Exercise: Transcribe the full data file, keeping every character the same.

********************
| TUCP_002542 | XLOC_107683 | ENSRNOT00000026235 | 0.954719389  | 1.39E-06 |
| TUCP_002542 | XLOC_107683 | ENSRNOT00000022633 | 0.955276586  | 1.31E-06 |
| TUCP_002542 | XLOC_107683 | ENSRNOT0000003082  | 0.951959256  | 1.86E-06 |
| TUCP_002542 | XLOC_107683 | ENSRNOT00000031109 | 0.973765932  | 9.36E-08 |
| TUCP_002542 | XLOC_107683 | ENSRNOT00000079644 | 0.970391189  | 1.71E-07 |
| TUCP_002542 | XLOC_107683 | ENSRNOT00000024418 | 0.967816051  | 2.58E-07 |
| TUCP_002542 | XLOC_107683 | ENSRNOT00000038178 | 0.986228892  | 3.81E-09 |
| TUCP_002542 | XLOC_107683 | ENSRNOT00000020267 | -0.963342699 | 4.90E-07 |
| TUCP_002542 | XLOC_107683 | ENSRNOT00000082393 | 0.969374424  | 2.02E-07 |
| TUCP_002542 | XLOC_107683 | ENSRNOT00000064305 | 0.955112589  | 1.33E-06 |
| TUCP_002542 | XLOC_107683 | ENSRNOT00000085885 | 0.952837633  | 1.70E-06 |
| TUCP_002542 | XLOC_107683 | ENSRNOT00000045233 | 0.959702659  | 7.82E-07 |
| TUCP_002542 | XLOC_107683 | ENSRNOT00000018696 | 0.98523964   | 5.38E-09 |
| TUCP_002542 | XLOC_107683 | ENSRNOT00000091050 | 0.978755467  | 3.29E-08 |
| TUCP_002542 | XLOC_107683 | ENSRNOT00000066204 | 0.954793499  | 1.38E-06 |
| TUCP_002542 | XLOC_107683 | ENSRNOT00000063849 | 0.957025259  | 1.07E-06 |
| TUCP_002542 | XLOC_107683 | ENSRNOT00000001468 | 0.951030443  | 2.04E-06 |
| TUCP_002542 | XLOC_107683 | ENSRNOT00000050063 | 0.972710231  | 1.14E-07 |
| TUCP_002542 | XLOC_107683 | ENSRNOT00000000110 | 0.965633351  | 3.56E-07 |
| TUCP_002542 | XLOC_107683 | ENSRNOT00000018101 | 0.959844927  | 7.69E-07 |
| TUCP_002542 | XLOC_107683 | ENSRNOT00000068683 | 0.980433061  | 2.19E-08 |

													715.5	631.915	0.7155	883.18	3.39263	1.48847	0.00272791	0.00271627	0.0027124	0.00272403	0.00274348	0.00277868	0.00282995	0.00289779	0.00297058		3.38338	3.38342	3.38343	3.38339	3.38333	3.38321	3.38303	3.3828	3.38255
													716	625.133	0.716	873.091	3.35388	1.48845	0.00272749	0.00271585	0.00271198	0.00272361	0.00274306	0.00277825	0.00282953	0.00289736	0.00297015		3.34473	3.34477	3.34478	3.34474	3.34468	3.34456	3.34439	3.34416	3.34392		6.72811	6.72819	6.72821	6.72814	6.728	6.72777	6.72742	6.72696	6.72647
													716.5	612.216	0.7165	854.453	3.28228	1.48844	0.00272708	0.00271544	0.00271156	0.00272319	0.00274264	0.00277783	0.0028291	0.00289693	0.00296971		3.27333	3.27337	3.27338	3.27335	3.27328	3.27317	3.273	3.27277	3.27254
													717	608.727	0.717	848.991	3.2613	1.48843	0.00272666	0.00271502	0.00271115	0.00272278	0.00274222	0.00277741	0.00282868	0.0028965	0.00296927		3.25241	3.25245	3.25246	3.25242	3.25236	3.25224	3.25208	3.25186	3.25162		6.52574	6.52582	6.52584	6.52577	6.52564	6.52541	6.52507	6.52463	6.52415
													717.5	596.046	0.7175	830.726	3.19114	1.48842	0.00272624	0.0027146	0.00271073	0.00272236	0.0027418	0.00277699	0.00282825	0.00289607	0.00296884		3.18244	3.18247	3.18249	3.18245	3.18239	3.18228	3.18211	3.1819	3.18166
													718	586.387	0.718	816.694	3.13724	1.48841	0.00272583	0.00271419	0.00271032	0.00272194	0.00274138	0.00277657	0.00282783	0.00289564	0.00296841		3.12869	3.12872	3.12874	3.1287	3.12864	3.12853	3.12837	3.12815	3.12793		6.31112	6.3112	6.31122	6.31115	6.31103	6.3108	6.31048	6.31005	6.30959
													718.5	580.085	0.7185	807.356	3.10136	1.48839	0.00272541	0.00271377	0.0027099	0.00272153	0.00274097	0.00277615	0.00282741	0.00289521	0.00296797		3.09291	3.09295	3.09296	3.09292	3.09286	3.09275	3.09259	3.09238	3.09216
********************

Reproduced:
| TUCP_002542 | XLOC_107683 | ENSRNOT00000026235 | 0.954719389  | 1.39E-06 |
| TUCP_002542 | XLOC_107683 | ENSRNOT00000022633 | 0.955276586  | 1.31E-06 |
| TUCP_002542 | XLOC_107683 | ENSRNOT0000003082  | 0.951959256  | 1.86E-06 |
| TUCP_002542 | XLOC_107683 | ENSRNOT00000031109 | 0.973765932  | 9.36E-08 |
| TUCP_002542 | XLOC_107683 | ENSRNOT00000079644 | 0.970391189  | 1.71E-07 |
| TUCP_002542 | XLOC_107683 | ENSRNOT00000024418 | 0.967816051  | 2.58E-07 |
| TUCP_002542 | XLOC_107683 | ENSRNOT00000038178 | 0.986228892  | 3.81E-09 |
| TUCP_002542 | XLOC_107683 | ENSRNOT00000020267 | -0.963342699 | 4.90E-07 |
| TUCP_002542 | XLOC_107683 | ENSRNOT00000082393 | 0.969374424  | 2.02E-07 |
| TUCP_002542 | XLOC_107683 | ENSRNOT00000064305 | 0.955112589  | 1.33E-06 |
| TUCP_002542 | XLOC_107683 | ENSRNOT00000085885 | 0.952837633  | 1.70E-06 |
| TUCP_002542 | XLOC_107683 | ENSRNOT00000045233 | 0.959702659  | 7.82E-07 |
| TUCP_002542 | XLOC_107683 | ENSRNOT00000018696 | 0.98523964   | 5.38E-09 |
| TUCP_002542 | XLOC_107683 | ENSRNOT00000091050 | 0.978755467  | 3.29E-08 |
| TUCP_002542 | XLOC_107683 | ENSRNOT00000066204 | 0.954793499  | 1.38E-06 |
| TUCP_002542 | XLOC_107683 | ENSRNOT00000063849 | 0.957025259  | 1.07E-06 |
| TUCP_002542 | XLOC_107683 | ENSRNOT00000001468 | 0.951030443  | 2.04E-06 |
| TUCP_002542 | XLOC_107683 | ENSRNOT00000050063 | 0.972710231  | 1.14E-07 |
| TUCP_002542 | XLOC_107683 | ENSRNOT00000000110 | 0.965633351  | 3.56E-07 |
| TUCP_002542 | XLOC_107683 | ENSRNOT00000018101 | 0.959844927  | 7.69E-07 |
| TUCP_002542 | XLOC_107683 | ENSRNOT00000068683 | 0.980433061  | 2.19E-08 |

													715.5	631.915	0.7155	883.18	3.39263	1.48847	0.00272791	0.00271627	0.0027124	0.00272403	0.00274348	0.00277868	0.00282995	0.00289779	0.00297058		3.38338	3.38342	3.38343	3.38339	3.38333	3.38321	3.38303	3.3828	3.38255
													716	625.133	0.716	873.091	3.35388	1.48845	0.00272749	0.00271585	0.00271198	0.00272361	0.00274306	0.00277825	0.00282953	0.00289736	0.00297015		3.34473	3.34477	3.34478	3.34474	3.34468	3.34456	3.34439	3.34416	3.34392		6.72811	6.72819	6.72821	6.72814	6.728	6.72777	6.72742	6.72696	6.72647
													716.5	612.216	0.7165	854.453	3.28228	1.48844	0.00272708	0.00271544	0.00271156	0.00272319	0.00274264	0.00277783	0.0028291	0.00289693	0.00296971		3.27333	3.27337	3.27338	3.27335	3.27328	3.27317	3.273	3.27277	3.27254
													717	608.727	0.717	848.991	3.2613	1.48843	0.00272666	0.00271502	0.00271115	0.00272278	0.00274222	0.00277741	0.00282868	0.0028965	0.00296927		3.25241	3.25245	3.25246	3.25242	3.25236	3.25224	3.25208	3.25186	3.25162		6.52574	6.52582	6.52584	6.52577	6.52564	6.52541	6.52507	6.52463	6.52415
													717.5	596.046	0.7175	830.726	3.19114	1.48842	0.00272624	0.0027146	0.00271073	0.00272236	0.0027418	0.00277699	0.00282825	0.00289607	0.00296884		3.18244	3.18247	3.18249	3.18245	3.18239	3.18228	3.18211	3.1819	3.18166
													718	586.387	0.718	816.694	3.13724	1.48841	0.00272583	0.00271419	0.00271032	0.00272194	0.00274138	0.00277657	0.00282783	0.00289564	0.00296841		3.12869	3.12872	3.12874	3.1287	3.12864	3.12853	3.12837	3.12815	3.12793		6.31112	6.3112	6.31122	6.31115	6.31103	6.3108	6.31048	6.31005	6.30959
													718.5	580.085	0.7185	807.356	3.10136	1.48839	0.00272541	0.00271377	0.0027099	0.00272153	0.00274097	0.00277615	0.00282741	0.00289521	0.00296797		3.09291	3.09295	3.09296	3.09292	3.09286	3.09275	3.09259	3.09238	3.09216